I took a day to explore Pamplona which is a beautiful city. The only thing I really knew about it previously was the 'Running of the Bulls'. I always thought it was a one day event but the festival of San Fermin goes for 9 days. They run 6 bulls every morning at 7:30. Pamplona isn't the only city that has a running of the bulls either. Most of the towns in the area also have their own festivals.
The weather has turned much colder in the last few days. It has been a very warm fall and I've been lucky to have warm weather last as long as this. But now, the rains have started and the temperatures are dipping into the 40's during the day. I needed to get some better clothes. Especially new rain pants. It was quite a shock to put on my rain pants and have them be many sizes too big. I tried to find a bike shop open but, apparently, they are all closed on Saturdays. I found a really great shop, Muga, that reminded me of a junior REI in the next block from where Javier and Andrea live. Here I found everything I need. I got some great rain pants that are very thin with double zippers on both legs. One of the biggest issues with rain pants is they get too hot. Not these ones. I also got a comfy pair of Merrill lightweight hiking type shoes, a balaclava and thicker wind-breaker gloves. My old, too thin gloves and much too big rain pants I left with Andrea and Javier. Maybe some poor cyclist will need them in the future. I had also brought a pair of sandals with me from Portland that looked too goofy with socks. I gave those to Silvia in Tudela. I can be pretty nerdy but those sandals were too dorky even for me.
I had a wonderful and relaxed visit with Javier and Andrea. They made me feel very comfortable and we laughed a lot. It was a bit of a challenge to get Myrtle upstairs but we did it. Javier made me some wonderful vegetarian meals that I really enjoyed especially in this country of big meat eaters.
Even though Javier and Andrea offered to host me longer, I never feel comfortable staying with Warm Showers hosts more than 2 nights and got packed up Sunday morning. Andrea helped me get Myrtle back into the elevator and it was easier than the first time. After a few photos we said goodbye. I hope to see Andrea and Javier in Portland one day.
Getting out of Pamplona is easy. All you have to do is follow the yellow arrows of the Camino de Santiago. There are so many signs it should be a breeze. The signs are spaced about every 20 feet. They are clearly marked in the sidewalk and on road signs too. How could I lose the track? I managed. Car drivers woud gently tap their horns and point me in the right direction. This happened numerous times. Every one knows what I am doing and where I am going. I had countless people say 'Buen Camino' as they pass. Today it seemed everyone I met was quietly leading me the right way. Although, I'm sure they were thinking 'How can this woman make it to Santiago when she can't even find her way out of Pamplona?'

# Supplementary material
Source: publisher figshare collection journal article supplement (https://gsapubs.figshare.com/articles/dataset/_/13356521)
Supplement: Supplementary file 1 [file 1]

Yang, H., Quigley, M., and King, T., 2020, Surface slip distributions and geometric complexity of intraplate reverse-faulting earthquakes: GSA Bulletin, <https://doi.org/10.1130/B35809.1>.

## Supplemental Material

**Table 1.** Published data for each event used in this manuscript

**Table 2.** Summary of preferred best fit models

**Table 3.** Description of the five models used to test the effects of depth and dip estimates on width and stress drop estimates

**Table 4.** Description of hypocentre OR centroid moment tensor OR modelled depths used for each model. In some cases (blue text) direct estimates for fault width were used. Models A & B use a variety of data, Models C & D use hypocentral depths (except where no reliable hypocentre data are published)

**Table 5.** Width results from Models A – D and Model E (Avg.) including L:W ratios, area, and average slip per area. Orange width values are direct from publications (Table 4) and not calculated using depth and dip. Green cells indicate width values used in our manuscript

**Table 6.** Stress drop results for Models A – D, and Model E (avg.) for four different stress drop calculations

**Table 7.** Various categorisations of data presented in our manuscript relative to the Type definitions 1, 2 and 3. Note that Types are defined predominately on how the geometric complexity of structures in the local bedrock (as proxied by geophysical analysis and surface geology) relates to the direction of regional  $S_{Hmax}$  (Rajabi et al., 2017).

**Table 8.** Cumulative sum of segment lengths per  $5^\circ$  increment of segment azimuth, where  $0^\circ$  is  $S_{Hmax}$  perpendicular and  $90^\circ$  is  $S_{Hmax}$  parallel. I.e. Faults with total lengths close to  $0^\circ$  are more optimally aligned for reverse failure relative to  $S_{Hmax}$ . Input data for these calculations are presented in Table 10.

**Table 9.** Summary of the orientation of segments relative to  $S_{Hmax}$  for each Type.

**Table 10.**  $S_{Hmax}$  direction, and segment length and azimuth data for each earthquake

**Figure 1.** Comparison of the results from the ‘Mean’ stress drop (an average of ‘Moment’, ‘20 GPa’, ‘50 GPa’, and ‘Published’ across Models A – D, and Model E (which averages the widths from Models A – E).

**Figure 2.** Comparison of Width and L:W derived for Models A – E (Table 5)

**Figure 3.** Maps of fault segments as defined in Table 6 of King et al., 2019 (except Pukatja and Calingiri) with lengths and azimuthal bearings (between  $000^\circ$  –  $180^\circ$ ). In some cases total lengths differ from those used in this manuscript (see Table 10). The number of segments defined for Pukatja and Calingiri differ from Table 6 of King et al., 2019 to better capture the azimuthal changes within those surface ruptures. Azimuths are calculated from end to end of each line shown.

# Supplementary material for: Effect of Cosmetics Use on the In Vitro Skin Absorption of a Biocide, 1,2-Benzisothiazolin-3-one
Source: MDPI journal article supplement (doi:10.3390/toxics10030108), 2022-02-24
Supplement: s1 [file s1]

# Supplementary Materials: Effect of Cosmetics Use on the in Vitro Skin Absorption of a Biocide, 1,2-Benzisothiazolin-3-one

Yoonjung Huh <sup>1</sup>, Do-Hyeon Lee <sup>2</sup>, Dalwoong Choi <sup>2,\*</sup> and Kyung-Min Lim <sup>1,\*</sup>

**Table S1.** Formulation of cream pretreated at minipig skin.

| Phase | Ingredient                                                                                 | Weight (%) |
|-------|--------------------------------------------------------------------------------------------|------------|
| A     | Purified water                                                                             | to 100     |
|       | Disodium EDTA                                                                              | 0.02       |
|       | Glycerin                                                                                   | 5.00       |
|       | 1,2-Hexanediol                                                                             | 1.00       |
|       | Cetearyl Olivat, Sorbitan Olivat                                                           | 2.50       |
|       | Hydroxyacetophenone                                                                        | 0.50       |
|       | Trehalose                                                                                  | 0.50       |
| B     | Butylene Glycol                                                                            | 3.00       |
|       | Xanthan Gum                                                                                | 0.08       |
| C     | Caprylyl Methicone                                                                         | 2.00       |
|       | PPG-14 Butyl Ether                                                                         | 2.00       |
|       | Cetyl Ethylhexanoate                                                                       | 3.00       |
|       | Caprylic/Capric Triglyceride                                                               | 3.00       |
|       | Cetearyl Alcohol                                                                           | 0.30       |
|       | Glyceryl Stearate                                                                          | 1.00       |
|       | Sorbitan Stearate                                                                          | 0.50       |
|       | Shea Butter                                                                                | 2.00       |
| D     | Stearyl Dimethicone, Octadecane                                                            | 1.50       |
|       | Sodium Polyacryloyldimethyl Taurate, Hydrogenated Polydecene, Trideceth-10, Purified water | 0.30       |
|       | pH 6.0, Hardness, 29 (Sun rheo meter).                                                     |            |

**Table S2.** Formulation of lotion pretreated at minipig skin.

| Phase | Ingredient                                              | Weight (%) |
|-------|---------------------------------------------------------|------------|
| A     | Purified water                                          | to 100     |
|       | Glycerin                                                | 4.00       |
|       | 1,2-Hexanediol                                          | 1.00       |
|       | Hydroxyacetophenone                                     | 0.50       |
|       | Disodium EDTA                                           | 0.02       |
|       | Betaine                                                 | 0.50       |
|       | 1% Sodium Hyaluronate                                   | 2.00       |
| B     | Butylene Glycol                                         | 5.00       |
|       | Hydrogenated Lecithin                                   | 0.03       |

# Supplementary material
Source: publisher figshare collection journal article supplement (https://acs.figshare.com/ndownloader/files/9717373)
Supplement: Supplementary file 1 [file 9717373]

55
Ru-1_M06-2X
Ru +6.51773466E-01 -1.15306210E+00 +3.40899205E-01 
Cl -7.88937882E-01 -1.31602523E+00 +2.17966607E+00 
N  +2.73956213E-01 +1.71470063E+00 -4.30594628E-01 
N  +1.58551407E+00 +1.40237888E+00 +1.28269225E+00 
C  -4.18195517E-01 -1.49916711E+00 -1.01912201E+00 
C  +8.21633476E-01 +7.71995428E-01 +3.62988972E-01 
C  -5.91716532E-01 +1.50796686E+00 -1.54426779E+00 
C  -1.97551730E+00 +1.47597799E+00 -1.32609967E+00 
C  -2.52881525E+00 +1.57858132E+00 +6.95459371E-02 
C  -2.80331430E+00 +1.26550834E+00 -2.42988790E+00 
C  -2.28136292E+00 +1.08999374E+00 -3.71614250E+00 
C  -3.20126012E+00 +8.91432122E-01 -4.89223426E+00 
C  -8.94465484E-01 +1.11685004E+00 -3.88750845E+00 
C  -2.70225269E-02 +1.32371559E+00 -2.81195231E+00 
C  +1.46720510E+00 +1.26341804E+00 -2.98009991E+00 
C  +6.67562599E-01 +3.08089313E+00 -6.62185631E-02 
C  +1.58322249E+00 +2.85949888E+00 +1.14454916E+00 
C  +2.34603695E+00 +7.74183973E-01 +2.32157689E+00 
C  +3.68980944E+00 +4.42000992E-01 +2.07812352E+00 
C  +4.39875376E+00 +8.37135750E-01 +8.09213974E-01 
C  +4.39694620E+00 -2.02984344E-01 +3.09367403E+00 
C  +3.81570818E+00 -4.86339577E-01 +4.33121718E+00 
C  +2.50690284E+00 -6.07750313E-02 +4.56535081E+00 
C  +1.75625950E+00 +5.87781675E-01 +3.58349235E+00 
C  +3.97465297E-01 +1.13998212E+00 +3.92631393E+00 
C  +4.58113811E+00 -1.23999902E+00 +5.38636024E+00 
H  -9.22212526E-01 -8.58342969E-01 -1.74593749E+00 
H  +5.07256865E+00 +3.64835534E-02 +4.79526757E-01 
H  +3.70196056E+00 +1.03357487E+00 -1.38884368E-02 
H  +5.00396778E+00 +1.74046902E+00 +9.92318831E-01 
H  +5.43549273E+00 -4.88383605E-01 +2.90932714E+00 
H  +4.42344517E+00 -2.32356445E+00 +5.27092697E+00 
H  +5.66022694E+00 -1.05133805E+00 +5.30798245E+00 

Once I got out of Pamplona the ride was straight forward until I got to Cezur Menor where I met a Canadian pilgrim. I rode with him as he walked until we hit the dirt path. I didn't want to chance getting stuck in the mud and said goodbye. From here I didn't really know where to go. I knew the number of the road I should be on but couldn't find it on my GPS or tablet. I went back to the town center and found a biker to ask. He said I needed to be in the next town Zizur Mayor and pointed me the right direction. When I got there I asked some kids for directions. They actually spoke English but couldn't really help since their parents always drive. I kept going and stopped some road bikers out for a day ride. They were great escorting me a couple of miles to the right highway. Now I was on my way. The day was overcast and threatened rain. It was windy but for the first time in many weeks I had tailwind. How nice is that? It was cold so I was also glad not to have the wind in my face.
I had lunch in Puente de Riena where there is an old beautiful Roman bridge. I could see the walking Camino most of the day. It wasn't until I was almost into Estella that I saw other pilgrims. But when I got to Estella and checked into the Albergue there were atleast 20 people staying. This would be my first experience in an Albergue with so many people in one room. Most everyone had started in St-Jean-Pied-de-Port in the Pyrenees or Roncesvalles. Many people were nursing injuries and sore muscles. I walked around town with a very energetic Irish woman, a dutch man named Boss and a very nice Spanish man from Madrid. I couldn't' believe with all the walking these Pilgrims had done today that they wanted to walk more. Of course, we ended up at a bar drinking Rioja wine. I'm really enjoying the Camino community and we had a very fun evening.